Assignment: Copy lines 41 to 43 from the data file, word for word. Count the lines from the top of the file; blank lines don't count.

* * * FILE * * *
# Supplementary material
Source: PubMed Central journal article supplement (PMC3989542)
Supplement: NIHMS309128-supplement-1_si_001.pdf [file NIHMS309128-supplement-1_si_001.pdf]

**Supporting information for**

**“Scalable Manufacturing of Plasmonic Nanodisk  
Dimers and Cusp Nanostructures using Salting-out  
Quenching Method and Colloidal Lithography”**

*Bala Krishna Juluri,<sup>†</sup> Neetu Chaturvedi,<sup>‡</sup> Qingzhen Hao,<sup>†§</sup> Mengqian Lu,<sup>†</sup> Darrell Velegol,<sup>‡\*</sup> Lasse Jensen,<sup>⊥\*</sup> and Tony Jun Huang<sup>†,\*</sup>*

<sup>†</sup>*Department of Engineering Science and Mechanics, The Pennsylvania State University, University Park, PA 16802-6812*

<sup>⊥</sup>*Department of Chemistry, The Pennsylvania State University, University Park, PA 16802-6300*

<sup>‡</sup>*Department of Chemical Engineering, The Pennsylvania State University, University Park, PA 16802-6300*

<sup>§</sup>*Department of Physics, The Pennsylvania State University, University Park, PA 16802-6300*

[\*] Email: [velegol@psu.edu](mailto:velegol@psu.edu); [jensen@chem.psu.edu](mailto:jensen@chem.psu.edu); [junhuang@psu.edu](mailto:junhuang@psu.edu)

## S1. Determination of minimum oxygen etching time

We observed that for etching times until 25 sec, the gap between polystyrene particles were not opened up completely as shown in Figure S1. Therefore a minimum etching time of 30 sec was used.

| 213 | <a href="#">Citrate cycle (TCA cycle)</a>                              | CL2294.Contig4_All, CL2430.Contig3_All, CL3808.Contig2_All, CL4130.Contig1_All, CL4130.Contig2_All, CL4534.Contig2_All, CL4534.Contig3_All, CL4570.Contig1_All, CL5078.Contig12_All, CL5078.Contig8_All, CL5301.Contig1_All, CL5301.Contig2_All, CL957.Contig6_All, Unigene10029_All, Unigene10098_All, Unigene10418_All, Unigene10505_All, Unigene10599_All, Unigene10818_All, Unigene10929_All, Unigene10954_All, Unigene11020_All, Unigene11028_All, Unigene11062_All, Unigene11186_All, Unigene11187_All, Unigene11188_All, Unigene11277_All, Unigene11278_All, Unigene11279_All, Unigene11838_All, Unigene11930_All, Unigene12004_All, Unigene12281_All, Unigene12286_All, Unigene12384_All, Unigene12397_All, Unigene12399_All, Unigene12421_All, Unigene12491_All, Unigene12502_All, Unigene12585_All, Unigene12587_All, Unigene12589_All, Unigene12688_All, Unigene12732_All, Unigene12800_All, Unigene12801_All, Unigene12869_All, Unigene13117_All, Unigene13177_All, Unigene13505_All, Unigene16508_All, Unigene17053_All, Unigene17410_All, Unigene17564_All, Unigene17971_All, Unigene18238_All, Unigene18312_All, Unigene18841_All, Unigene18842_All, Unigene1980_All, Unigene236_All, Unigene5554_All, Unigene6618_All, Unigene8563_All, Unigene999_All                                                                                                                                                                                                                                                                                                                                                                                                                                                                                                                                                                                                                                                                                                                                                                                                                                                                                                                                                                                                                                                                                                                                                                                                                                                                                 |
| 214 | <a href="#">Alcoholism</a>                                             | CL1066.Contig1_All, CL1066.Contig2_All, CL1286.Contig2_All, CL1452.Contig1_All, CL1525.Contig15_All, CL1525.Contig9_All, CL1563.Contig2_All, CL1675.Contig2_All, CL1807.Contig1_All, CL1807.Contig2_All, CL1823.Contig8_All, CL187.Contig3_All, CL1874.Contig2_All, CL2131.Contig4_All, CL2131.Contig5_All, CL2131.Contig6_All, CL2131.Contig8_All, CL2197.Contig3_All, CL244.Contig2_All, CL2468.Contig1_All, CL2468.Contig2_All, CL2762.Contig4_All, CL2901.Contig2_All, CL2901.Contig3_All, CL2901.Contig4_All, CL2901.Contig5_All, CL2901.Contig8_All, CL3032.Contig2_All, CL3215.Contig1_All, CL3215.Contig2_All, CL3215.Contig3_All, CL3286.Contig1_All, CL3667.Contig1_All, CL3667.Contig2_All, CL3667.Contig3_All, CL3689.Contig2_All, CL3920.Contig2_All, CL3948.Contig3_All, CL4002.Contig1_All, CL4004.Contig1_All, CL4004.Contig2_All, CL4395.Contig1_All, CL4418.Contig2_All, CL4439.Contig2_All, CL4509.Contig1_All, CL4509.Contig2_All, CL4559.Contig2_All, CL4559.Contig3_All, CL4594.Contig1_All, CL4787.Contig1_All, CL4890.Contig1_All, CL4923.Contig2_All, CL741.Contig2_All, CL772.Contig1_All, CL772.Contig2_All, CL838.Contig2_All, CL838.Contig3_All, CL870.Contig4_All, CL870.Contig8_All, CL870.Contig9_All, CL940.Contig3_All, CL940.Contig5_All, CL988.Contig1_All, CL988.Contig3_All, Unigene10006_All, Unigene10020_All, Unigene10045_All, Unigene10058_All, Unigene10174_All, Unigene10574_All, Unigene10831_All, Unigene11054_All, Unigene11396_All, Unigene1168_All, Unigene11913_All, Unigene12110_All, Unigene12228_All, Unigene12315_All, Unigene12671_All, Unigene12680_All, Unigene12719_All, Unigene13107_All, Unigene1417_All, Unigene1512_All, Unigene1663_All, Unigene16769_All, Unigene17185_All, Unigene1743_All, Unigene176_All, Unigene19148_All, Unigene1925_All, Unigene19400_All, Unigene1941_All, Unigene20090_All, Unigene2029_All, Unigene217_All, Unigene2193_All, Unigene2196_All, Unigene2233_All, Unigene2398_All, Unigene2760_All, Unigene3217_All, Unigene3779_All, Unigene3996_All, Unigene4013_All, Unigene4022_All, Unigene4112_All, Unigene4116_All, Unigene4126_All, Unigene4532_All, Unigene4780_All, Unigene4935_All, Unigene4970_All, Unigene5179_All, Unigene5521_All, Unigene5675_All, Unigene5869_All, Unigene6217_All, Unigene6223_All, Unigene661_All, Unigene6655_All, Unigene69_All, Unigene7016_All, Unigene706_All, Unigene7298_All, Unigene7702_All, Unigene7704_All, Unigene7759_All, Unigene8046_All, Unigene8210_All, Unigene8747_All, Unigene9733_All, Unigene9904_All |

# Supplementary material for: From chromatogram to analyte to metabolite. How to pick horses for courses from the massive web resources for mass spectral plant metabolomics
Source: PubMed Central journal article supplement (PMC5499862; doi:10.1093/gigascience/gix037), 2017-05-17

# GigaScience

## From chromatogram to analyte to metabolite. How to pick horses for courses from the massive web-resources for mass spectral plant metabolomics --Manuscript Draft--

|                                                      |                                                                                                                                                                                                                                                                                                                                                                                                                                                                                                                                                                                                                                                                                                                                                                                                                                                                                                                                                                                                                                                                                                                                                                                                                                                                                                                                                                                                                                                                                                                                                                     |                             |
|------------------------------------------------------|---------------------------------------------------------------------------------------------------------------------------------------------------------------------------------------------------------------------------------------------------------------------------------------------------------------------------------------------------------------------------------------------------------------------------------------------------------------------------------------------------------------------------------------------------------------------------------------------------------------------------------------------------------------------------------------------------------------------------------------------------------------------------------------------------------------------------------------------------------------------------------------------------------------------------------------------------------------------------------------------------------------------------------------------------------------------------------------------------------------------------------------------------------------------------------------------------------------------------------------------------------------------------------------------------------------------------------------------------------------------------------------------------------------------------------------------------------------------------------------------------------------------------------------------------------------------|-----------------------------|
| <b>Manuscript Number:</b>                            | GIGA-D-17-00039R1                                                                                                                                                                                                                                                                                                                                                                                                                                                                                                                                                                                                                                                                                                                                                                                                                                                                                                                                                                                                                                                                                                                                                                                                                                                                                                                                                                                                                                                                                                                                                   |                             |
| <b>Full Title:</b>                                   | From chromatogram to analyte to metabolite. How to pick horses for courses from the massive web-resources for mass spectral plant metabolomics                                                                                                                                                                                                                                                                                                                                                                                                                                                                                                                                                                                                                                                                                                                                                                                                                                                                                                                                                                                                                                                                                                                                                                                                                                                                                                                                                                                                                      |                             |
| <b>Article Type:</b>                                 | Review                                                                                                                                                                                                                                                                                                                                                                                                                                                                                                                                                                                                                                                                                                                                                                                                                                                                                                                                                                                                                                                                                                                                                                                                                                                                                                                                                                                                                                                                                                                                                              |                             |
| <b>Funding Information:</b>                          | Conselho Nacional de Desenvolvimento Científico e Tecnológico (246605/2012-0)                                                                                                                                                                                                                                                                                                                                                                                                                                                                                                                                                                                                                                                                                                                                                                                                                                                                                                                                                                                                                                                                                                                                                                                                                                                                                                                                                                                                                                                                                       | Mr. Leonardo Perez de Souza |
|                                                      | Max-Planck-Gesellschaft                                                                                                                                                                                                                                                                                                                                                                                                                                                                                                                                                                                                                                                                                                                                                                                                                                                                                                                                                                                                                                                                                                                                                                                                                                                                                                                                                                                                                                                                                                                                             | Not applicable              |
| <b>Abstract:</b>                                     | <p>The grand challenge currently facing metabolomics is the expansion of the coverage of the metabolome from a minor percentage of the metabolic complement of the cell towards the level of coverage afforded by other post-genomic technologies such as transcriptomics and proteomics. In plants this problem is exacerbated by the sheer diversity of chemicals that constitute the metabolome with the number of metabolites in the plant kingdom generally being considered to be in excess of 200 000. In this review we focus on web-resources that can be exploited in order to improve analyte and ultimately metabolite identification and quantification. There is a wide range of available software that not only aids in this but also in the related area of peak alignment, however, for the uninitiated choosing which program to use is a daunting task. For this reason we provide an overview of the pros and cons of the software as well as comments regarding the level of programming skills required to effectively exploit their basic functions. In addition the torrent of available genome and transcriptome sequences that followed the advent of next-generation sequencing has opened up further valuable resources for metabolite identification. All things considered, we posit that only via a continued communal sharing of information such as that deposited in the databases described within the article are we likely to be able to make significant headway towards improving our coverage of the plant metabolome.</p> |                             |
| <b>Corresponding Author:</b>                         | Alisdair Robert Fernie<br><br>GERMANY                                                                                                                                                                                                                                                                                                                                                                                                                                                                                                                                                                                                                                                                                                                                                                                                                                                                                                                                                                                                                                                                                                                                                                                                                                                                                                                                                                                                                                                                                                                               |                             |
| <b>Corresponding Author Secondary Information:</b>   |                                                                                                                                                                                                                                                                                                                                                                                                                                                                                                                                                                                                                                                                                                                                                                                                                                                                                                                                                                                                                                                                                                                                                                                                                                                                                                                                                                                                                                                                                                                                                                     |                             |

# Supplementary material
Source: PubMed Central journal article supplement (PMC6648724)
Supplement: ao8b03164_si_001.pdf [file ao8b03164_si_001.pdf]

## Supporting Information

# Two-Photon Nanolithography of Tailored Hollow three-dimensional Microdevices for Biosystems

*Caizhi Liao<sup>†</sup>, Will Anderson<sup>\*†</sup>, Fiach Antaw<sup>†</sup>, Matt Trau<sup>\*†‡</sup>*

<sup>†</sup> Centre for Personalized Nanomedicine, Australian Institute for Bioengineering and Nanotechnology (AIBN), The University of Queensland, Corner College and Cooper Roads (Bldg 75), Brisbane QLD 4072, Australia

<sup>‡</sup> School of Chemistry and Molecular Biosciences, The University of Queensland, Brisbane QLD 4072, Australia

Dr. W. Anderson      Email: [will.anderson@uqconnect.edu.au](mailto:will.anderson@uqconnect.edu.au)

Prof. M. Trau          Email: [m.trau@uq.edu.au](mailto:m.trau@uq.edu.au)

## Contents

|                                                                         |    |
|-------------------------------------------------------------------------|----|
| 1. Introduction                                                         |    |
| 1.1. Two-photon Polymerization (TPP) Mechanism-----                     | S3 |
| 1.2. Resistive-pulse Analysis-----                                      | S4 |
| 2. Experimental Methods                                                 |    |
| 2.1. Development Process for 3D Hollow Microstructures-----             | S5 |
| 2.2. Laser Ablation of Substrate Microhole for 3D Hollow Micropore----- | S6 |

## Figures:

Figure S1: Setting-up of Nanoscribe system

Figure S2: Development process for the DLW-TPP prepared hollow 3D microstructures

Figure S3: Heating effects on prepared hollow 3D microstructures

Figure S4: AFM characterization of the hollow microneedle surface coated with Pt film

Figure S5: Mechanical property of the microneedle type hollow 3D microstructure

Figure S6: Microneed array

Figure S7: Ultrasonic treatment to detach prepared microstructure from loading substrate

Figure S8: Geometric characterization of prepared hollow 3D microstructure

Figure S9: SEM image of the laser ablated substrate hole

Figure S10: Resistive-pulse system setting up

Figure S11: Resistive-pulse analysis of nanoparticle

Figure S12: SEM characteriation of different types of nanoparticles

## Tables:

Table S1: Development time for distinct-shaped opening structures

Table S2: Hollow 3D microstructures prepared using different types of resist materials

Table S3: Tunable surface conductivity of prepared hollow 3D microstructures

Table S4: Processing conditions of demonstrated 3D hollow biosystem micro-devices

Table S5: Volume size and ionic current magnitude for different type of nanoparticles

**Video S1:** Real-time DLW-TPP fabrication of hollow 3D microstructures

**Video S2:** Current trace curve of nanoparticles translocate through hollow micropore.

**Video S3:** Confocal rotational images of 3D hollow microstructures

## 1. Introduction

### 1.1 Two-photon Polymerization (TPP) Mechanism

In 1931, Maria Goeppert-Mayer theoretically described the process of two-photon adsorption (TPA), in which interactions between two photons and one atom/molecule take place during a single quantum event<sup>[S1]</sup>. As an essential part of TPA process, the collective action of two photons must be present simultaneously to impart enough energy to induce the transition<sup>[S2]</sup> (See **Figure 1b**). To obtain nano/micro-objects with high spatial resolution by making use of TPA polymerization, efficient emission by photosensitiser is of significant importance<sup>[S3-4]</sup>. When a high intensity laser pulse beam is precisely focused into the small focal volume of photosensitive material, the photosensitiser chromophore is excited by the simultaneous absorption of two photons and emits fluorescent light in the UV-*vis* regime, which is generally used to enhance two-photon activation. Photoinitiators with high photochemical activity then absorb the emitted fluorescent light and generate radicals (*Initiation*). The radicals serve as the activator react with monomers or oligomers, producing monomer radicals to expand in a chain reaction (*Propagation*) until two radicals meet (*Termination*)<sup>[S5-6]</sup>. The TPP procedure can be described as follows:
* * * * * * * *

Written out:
Prof. M. Trau          Email: [m.trau@uq.edu.au](mailto:m.trau@uq.edu.au)

## Contents

|                                                                         |    |